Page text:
In earlier posts the question of reality’s place in photography was considered and subsequently sidestepped by deferring to ‘I came, I saw, I snapped’.
After referring to a few more points of view, while revisiting some of my own pictures, there appeared to be a worthwhile purpose in investigating what is being achieved by my own efforts in respect to representing realism.
There could be a use here for numerous quotes from, and name-dropping of, philosophical thinkers, but it seems a consensus of opinion is that reality has more to do with perception than physical consistency. Photography adds further dimensions to the mix by determining an image is only relevant to the moment of its creation; coupled with the complication in which each viewer of the image has only their own experience to comprehend its significance. Therefore if a photograph is seen without its histogram can it ever be given a time and the ambient conditions, or if an unknown object, named or given a particular situation?
An example of trying to quantify a particular picture, giving a meaning, time and a place, is challenging even to the most erudite of viewers. Below is what can be seen as a possible landscape or perhaps, to those who have flown over a storm, clouds observed from above at 30000ft. In fact this picture was taken using a Canon SX30 set at a maximum 140x zoom looking into the streak of sunset shown in the second picture below; without a positive reference the cloud scene becomes whatever the viewer makes of it.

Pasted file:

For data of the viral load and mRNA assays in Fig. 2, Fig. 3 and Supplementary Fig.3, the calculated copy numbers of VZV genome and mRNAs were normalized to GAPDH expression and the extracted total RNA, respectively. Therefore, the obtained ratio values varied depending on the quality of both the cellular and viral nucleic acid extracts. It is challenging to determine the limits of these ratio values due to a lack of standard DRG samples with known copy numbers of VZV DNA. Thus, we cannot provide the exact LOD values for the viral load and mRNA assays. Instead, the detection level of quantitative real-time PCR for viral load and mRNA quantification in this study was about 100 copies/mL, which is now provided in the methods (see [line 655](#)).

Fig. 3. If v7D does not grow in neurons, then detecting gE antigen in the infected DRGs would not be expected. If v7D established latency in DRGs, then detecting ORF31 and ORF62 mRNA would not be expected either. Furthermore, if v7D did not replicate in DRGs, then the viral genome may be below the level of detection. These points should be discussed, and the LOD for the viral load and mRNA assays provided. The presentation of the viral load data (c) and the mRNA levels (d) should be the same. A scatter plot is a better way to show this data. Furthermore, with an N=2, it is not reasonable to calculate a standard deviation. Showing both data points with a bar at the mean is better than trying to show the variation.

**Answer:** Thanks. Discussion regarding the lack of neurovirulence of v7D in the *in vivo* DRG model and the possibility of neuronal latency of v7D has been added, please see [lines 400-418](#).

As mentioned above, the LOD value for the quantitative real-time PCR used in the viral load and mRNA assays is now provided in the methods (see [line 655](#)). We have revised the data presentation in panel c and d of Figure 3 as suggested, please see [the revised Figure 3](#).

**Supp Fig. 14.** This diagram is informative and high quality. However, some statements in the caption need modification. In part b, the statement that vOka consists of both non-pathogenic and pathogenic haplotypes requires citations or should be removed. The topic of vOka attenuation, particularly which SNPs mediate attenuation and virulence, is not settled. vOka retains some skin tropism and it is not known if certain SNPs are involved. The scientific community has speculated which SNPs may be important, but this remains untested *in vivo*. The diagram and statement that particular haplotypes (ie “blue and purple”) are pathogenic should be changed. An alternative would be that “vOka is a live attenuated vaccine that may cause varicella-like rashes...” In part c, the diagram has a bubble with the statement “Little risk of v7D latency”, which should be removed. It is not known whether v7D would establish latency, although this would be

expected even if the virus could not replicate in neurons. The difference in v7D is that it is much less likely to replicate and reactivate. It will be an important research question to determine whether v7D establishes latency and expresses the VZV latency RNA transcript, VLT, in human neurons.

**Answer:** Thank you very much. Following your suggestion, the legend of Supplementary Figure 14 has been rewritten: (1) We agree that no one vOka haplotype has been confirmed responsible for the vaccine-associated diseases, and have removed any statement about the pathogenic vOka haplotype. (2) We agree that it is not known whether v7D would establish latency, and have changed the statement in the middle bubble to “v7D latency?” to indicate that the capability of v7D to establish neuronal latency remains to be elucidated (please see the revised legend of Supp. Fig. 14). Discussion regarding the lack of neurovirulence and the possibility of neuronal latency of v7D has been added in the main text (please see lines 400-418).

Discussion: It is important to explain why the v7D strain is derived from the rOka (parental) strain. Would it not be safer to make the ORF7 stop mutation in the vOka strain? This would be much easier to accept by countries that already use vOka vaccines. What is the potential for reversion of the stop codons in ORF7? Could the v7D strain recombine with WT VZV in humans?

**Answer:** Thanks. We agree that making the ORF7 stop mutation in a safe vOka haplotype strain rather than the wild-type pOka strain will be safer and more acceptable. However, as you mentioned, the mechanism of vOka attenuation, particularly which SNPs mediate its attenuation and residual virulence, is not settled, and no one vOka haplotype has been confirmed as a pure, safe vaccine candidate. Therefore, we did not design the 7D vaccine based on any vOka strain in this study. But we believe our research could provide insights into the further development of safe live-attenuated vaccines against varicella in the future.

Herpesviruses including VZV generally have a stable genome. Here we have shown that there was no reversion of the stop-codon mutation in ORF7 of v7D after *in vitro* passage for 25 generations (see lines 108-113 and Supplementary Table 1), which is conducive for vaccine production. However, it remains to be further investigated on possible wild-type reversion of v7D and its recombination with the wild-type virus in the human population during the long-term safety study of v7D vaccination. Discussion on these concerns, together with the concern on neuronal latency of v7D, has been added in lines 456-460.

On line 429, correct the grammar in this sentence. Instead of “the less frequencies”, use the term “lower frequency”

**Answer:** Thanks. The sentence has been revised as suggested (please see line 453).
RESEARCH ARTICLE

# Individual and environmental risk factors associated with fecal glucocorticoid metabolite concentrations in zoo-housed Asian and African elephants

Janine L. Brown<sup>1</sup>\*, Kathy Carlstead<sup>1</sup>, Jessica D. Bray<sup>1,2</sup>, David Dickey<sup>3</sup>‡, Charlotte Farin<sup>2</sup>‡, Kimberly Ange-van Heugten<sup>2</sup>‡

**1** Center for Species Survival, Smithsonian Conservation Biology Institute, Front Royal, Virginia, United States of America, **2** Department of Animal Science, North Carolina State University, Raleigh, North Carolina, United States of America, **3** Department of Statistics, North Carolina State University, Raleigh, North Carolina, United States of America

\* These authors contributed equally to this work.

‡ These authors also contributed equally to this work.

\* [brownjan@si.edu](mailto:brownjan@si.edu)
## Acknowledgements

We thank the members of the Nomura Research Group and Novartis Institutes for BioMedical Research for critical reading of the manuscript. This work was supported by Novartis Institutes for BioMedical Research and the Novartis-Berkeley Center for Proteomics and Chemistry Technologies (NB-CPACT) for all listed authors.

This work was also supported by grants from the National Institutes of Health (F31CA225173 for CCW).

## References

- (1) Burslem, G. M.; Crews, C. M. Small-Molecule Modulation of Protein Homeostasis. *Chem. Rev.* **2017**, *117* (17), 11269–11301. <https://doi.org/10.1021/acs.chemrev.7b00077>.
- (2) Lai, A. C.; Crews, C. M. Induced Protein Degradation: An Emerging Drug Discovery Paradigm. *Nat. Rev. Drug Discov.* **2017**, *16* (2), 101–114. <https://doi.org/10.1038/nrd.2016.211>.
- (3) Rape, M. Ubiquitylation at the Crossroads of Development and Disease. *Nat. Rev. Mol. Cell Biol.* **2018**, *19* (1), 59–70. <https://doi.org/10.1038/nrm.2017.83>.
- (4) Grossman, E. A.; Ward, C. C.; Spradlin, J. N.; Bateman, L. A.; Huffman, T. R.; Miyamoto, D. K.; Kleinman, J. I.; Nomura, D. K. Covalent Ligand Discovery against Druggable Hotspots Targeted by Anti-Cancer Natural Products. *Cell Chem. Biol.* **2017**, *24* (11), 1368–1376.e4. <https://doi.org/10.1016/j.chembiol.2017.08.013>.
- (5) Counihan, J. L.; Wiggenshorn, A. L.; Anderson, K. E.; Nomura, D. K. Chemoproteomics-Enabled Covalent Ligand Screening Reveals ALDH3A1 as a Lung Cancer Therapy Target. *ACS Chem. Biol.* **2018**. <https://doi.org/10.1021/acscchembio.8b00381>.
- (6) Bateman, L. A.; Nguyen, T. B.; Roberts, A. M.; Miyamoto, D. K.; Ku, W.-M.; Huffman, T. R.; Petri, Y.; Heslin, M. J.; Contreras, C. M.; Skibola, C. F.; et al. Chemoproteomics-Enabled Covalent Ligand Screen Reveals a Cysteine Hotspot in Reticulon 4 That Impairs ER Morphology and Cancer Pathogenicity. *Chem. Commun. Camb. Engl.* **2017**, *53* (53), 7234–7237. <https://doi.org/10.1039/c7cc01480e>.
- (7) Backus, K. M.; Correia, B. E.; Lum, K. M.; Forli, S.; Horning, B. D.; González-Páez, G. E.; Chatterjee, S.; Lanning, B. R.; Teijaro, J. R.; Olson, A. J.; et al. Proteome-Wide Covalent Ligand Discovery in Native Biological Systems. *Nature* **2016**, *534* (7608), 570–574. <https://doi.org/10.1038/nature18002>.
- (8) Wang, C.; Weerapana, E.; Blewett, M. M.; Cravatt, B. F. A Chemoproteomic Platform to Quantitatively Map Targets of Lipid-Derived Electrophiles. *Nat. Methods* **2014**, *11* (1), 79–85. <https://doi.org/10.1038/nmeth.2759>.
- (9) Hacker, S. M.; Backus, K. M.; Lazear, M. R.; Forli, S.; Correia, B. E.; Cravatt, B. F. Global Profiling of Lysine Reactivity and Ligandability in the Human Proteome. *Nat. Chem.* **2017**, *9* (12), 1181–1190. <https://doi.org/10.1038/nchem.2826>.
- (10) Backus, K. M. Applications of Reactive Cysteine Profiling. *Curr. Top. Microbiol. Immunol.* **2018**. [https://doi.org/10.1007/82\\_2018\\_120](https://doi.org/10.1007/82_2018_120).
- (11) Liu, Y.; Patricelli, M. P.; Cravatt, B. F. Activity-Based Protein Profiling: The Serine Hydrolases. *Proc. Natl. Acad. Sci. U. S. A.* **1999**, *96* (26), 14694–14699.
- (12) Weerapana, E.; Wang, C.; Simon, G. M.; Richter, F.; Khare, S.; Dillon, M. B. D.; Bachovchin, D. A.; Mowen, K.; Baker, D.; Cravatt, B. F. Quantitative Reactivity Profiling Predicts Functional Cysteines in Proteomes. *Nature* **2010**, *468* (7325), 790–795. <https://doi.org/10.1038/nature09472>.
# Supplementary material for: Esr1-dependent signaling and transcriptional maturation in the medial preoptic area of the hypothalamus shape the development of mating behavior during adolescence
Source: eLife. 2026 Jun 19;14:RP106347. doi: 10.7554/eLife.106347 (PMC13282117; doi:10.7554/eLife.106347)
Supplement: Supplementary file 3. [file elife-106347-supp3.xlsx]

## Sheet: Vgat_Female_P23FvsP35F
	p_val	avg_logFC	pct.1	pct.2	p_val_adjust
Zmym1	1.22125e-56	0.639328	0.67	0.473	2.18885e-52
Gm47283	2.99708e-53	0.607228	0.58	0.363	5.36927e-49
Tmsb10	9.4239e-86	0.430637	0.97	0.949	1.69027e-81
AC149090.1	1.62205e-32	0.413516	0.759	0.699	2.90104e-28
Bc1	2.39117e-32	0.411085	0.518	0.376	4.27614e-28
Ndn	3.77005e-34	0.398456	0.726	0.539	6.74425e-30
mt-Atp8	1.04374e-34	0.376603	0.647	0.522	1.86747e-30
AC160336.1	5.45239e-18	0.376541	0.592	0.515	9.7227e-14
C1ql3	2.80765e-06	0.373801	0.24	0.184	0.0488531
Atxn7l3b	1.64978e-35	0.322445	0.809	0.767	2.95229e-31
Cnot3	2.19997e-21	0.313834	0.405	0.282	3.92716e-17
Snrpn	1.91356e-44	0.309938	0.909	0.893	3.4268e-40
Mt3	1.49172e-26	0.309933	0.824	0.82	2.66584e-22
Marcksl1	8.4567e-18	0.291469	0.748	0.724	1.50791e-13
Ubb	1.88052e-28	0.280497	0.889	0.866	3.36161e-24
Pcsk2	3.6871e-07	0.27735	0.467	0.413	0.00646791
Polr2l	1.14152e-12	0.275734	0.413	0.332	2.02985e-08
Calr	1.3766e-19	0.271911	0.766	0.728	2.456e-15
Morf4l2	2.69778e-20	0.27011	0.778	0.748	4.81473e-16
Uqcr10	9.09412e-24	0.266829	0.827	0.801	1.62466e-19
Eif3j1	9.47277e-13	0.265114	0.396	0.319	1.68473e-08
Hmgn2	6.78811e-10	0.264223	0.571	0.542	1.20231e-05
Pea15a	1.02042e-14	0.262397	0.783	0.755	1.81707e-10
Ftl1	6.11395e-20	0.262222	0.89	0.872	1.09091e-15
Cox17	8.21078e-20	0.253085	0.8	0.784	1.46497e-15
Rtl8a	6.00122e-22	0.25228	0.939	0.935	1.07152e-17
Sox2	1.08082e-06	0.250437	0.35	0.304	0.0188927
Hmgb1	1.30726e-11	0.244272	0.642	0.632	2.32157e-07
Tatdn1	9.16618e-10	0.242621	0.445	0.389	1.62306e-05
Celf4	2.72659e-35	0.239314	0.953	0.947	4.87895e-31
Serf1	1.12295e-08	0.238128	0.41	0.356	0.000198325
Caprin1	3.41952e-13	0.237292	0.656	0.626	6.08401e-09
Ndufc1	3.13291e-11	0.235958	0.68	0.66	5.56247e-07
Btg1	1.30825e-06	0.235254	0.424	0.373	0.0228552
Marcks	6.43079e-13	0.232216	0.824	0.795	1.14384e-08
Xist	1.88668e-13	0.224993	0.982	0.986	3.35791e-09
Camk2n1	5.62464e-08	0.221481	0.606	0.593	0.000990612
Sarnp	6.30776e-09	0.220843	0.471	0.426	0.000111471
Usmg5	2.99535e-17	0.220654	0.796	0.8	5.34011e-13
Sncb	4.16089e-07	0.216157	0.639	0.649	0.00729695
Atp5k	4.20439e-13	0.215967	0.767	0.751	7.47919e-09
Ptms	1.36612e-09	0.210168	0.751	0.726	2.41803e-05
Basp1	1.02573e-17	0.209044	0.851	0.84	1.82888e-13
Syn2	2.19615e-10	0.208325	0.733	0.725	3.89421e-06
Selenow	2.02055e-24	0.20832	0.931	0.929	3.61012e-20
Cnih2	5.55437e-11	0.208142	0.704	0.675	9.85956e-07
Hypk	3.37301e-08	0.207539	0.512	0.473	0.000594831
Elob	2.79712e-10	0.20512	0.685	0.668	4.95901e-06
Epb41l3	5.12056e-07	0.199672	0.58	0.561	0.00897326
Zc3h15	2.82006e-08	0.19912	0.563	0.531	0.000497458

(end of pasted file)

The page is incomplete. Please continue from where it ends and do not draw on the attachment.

Another problem of deciding where to focus, or how to set a shot, can crop up in nearly all photographic situations particularly when in failing light as featured in the lower picture above. Use available light? Use flash to highlight the foreground figure? Zoom into a specific detail? More decisions. Any of the above would produce an image that could be seen as justified, but against what criteria should the choice be made?
At this point it is time to consider not only the cameraman’s personality, but the intellectual and artistic prowess of the viewer. All of which comes into the possible understanding of the image and whether the intent of the photographer can be discerned and appreciated; does it matter if that information remains obscure? Should the operator of the camera give title to their image to aid transferring ideas?
Whoever invented the digital camera has much to answer for, making my brain work like this. Right time now to go back to basics, who needs to know all these things anyhow?